Recovery meetings are sometimes based around the 12 Steps, which is a philosophy of treating addiction that involves getting in touch with a higher power, making right by those one has previously wronged in their former lifestyle, and trying to help other addicts and alcoholics get sober.
12-step programs can often be very spiritual, even though these aftercare programs are not strictly speaking religious and allow the attendee to define their relationship with God or a higher power in whatever terms they choose. This philosophy may not be empowering or effective for some, however, which is why may alternatives to 12-step programs exist. Organizations like SMART Recovery provide a more scientifically-based foundation for treating addiction, and are just as valid as 12-step programs for those seeking recovery meetings.
Drug and alcohol addiction can often co-occur with a variety of mental health and mood disorders, and getting and staying clean can be stressful no matter what. That’s why one key element to consider for those looking for aftercare programs is therapy.
Therapy can be a loaded word, and many people have negative associations or experiences when they try to imagine getting help from a therapist. But there are dozens, if not hundreds, of different types of therapy. That means if one form is a poor fit, there are always alternatives that might work better.
One popular form of therapy is Cognitive-Behavioral Therapy (CBT). This can involve working to view one’s thoughts objectively, identify and analyze negative thinking patterns, and replace harmful beliefs and thoughts with more empowering messages instead. There’s also Dialectical Behavioral Therapy (DBT), which involves making peace with unpleasant emotions and learning tools to create harmony in the relationships in one’s life.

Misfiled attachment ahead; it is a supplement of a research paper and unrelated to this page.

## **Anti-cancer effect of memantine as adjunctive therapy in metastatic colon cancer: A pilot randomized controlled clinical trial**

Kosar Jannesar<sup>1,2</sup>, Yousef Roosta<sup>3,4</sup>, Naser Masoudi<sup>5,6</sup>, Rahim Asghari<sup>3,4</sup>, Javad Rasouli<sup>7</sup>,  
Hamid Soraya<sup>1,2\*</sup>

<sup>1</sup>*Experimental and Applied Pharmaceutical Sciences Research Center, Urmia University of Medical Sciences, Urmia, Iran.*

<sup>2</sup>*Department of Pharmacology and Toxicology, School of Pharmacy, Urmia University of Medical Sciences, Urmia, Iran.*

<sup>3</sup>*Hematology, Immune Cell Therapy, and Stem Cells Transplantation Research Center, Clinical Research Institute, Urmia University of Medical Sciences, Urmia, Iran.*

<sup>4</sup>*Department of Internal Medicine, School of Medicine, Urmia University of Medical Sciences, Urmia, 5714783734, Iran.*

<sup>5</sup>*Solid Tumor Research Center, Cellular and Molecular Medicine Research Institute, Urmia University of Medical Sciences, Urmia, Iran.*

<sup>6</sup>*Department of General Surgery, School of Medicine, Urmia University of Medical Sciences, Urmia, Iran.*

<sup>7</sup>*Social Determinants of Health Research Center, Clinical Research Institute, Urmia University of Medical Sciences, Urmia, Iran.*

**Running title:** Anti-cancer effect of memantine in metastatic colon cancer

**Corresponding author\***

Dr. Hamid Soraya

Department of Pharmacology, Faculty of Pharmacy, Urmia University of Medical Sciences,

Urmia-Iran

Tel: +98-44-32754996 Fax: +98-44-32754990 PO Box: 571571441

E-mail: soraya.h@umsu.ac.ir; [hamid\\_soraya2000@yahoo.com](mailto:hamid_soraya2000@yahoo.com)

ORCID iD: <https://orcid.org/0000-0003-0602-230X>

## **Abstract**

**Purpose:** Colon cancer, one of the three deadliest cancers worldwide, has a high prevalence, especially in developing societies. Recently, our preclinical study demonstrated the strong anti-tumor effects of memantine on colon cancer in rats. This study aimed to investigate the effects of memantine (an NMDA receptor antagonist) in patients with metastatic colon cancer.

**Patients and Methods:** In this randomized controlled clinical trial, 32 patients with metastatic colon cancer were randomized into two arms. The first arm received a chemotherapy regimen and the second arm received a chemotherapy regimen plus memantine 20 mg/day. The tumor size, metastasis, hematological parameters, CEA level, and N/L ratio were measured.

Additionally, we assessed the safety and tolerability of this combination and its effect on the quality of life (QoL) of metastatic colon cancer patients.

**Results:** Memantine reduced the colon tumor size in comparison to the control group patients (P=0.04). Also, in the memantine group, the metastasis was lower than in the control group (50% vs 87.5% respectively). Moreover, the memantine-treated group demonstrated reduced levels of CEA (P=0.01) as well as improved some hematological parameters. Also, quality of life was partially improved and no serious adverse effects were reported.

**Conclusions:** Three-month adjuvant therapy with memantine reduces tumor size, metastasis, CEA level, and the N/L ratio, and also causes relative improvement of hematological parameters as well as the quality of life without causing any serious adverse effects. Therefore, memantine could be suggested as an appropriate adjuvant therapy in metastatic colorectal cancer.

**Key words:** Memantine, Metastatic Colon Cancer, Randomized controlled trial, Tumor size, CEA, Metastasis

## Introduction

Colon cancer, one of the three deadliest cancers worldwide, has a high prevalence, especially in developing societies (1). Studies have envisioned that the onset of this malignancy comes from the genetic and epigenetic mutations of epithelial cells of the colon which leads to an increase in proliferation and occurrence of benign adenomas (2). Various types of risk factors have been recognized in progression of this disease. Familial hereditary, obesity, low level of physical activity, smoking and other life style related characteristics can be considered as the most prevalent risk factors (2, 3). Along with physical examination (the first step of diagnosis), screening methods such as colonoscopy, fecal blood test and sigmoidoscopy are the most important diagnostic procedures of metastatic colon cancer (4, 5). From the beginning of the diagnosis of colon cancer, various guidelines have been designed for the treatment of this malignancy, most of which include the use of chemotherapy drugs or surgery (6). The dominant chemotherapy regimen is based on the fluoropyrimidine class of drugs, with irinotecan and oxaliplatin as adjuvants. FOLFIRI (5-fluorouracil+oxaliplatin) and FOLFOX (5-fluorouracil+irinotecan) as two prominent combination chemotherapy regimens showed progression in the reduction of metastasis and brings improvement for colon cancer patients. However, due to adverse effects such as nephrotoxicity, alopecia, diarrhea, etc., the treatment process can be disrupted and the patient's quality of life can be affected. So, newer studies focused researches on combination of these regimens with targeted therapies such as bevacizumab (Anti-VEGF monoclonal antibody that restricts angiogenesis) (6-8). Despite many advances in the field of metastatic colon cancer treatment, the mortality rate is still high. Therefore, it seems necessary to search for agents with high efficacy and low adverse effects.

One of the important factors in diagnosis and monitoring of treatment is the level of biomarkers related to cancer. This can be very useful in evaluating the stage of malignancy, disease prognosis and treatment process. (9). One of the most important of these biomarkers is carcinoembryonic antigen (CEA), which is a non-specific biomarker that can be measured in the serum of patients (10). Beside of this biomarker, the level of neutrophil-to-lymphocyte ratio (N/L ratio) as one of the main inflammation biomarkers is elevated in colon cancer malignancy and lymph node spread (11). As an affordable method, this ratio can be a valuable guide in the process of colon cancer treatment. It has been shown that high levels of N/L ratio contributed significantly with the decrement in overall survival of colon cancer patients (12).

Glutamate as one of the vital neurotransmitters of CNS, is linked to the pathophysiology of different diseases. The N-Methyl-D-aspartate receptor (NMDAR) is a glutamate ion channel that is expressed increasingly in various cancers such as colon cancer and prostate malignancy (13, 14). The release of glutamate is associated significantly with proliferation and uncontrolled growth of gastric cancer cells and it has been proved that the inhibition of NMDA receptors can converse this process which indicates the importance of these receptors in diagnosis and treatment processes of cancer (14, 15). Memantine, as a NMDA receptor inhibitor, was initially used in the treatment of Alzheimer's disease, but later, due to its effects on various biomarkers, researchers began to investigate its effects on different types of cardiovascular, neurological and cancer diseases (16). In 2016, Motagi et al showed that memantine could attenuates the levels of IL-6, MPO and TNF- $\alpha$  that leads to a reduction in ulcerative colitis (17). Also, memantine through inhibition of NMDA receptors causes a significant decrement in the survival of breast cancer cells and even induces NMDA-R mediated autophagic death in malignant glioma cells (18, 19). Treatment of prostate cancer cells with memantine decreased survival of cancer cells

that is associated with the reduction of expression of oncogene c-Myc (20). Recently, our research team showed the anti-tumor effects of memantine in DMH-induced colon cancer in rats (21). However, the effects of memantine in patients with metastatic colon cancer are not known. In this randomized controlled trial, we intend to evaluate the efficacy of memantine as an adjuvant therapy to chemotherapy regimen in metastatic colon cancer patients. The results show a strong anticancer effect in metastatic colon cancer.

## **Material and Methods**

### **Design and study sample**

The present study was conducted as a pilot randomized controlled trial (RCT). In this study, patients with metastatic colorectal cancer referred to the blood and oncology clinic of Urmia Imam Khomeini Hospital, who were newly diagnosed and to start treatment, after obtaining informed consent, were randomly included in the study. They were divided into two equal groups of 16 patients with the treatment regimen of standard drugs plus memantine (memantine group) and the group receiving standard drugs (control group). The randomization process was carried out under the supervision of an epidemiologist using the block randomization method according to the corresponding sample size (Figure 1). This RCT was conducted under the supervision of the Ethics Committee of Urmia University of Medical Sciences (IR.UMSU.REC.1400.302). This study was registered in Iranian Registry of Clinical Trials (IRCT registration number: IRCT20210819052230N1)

Additionally, someone in recovery could benefit from play therapy, art therapy, music therapy, family therapy, or a host of other options. By releasing trauma, addressing deep-seated concerns, and making progress in one’s interpersonal and intrapersonal life, it’s possible to gain a new understanding of oneself and one’s addiction that could be hugely beneficial in maintaining lifelong sobriety.
Changing Lifestyle Choices
It’s easier and more rewarding to stay sober when feeling healthy and taking good care of oneself. Things like getting vigorous physical exercise, maintaining a nutritious diet, and practicing mindfulness techniques like yoga and meditation are all ways to promote inner health and wellness. Often, alcohol abuse can contribute to poor dietary choices and a sedentary lifestyle, so there can be a lot of room to improve these areas for the individual in recovery. Consider this a golden opportunity: the ability to make lasting, meaningful changes that will allow for a longer and richer life.
Getting Help Now
There’s no shortage of aftercare programs and resources for the individual in recovery. That’s why, if you’re looking to get clean and sober from alcohol, there’s no reason to hold off any longer. Contact a treatment provider now to learn more about treatment options.
Author: William Henken | Last Edited: October 4, 2021